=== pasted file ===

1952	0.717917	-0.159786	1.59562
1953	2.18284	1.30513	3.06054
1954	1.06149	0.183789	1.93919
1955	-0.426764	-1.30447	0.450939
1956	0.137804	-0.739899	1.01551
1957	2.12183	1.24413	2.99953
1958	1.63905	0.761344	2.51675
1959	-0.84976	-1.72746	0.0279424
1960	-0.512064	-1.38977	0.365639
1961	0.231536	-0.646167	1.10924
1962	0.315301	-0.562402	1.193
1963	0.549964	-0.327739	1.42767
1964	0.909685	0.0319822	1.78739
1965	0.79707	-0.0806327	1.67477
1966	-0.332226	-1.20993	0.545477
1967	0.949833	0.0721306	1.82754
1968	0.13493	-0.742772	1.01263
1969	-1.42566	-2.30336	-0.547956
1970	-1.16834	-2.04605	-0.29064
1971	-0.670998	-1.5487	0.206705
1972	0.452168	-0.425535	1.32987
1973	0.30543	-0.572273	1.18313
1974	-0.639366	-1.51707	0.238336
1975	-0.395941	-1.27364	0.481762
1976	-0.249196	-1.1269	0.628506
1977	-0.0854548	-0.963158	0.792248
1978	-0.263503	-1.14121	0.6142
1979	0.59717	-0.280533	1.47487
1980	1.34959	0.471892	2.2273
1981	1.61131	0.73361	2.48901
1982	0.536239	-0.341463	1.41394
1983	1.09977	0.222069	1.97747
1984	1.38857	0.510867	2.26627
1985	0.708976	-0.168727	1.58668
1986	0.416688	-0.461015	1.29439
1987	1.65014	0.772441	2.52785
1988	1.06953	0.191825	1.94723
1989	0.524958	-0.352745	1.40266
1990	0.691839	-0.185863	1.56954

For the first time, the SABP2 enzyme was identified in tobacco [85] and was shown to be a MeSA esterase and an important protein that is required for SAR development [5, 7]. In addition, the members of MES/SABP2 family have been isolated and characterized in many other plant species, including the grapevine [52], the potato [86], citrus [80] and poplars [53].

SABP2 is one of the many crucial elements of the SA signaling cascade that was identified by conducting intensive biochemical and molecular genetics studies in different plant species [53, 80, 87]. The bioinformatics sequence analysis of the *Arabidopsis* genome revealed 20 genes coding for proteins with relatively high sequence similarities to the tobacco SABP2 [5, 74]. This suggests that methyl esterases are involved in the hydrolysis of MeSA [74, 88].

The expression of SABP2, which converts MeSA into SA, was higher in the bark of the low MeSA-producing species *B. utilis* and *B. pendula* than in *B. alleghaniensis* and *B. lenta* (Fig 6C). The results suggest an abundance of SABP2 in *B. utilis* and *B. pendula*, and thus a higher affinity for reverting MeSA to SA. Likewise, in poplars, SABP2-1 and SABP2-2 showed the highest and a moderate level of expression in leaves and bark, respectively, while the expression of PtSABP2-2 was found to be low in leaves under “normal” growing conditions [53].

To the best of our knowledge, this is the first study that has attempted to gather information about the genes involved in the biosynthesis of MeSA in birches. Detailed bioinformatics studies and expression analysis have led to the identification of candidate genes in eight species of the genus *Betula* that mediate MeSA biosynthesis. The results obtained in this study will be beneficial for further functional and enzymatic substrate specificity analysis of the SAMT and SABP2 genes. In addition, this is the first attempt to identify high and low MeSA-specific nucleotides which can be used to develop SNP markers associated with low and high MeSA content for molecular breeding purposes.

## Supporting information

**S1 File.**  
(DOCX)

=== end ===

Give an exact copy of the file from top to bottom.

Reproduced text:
1952	0.717917	-0.159786	1.59562
1953	2.18284	1.30513	3.06054
1954	1.06149	0.183789	1.93919
1955	-0.426764	-1.30447	0.450939
1956	0.137804	-0.739899	1.01551
1957	2.12183	1.24413	2.99953
1958	1.63905	0.761344	2.51675
1959	-0.84976	-1.72746	0.0279424
1960	-0.512064	-1.38977	0.365639
1961	0.231536	-0.646167	1.10924
1962	0.315301	-0.562402	1.193
1963	0.549964	-0.327739	1.42767
1964	0.909685	0.0319822	1.78739
1965	0.79707	-0.0806327	1.67477
1966	-0.332226	-1.20993	0.545477
1967	0.949833	0.0721306	1.82754
1968	0.13493	-0.742772	1.01263
1969	-1.42566	-2.30336	-0.547956
1970	-1.16834	-2.04605	-0.29064
1971	-0.670998	-1.5487	0.206705
1972	0.452168	-0.425535	1.32987
1973	0.30543	-0.572273	1.18313
1974	-0.639366	-1.51707	0.238336
1975	-0.395941	-1.27364	0.481762
1976	-0.249196	-1.1269	0.628506
1977	-0.0854548	-0.963158	0.792248
1978	-0.263503	-1.14121	0.6142
1979	0.59717	-0.280533	1.47487
1980	1.34959	0.471892	2.2273
1981	1.61131	0.73361	2.48901
1982	0.536239	-0.341463	1.41394
1983	1.09977	0.222069	1.97747
1984	1.38857	0.510867	2.26627
1985	0.708976	-0.168727	1.58668
1986	0.416688	-0.461015	1.29439
1987	1.65014	0.772441	2.52785
1988	1.06953	0.191825	1.94723
1989	0.524958	-0.352745	1.40266
1990	0.691839	-0.185863	1.56954

For the first time, the SABP2 enzyme was identified in tobacco [85] and was shown to be a MeSA esterase and an important protein that is required for SAR development [5, 7]. In addition, the members of MES/SABP2 family have been isolated and characterized in many other plant species, including the grapevine [52], the potato [86], citrus [80] and poplars [53].

SABP2 is one of the many crucial elements of the SA signaling cascade that was identified by conducting intensive biochemical and molecular genetics studies in different plant species [53, 80, 87]. The bioinformatics sequence analysis of the *Arabidopsis* genome revealed 20 genes coding for proteins with relatively high sequence similarities to the tobacco SABP2 [5, 74]. This suggests that methyl esterases are involved in the hydrolysis of MeSA [74, 88].

The expression of SABP2, which converts MeSA into SA, was higher in the bark of the low MeSA-producing species *B. utilis* and *B. pendula* than in *B. alleghaniensis* and *B. lenta* (Fig 6C). The results suggest an abundance of SABP2 in *B. utilis* and *B. pendula*, and thus a higher affinity for reverting MeSA to SA. Likewise, in poplars, SABP2-1 and SABP2-2 showed the highest and a moderate level of expression in leaves and bark, respectively, while the expression of PtSABP2-2 was found to be low in leaves under “normal” growing conditions [53].

To the best of our knowledge, this is the first study that has attempted to gather information about the genes involved in the biosynthesis of MeSA in birches. Detailed bioinformatics studies and expression analysis have led to the identification of candidate genes in eight species of the genus *Betula* that mediate MeSA biosynthesis. The results obtained in this study will be beneficial for further functional and enzymatic substrate specificity analysis of the SAMT and SABP2 genes. In addition, this is the first attempt to identify high and low MeSA-specific nucleotides which can be used to develop SNP markers associated with low and high MeSA content for molecular breeding purposes.

## Supporting information

**S1 File.**  
(DOCX)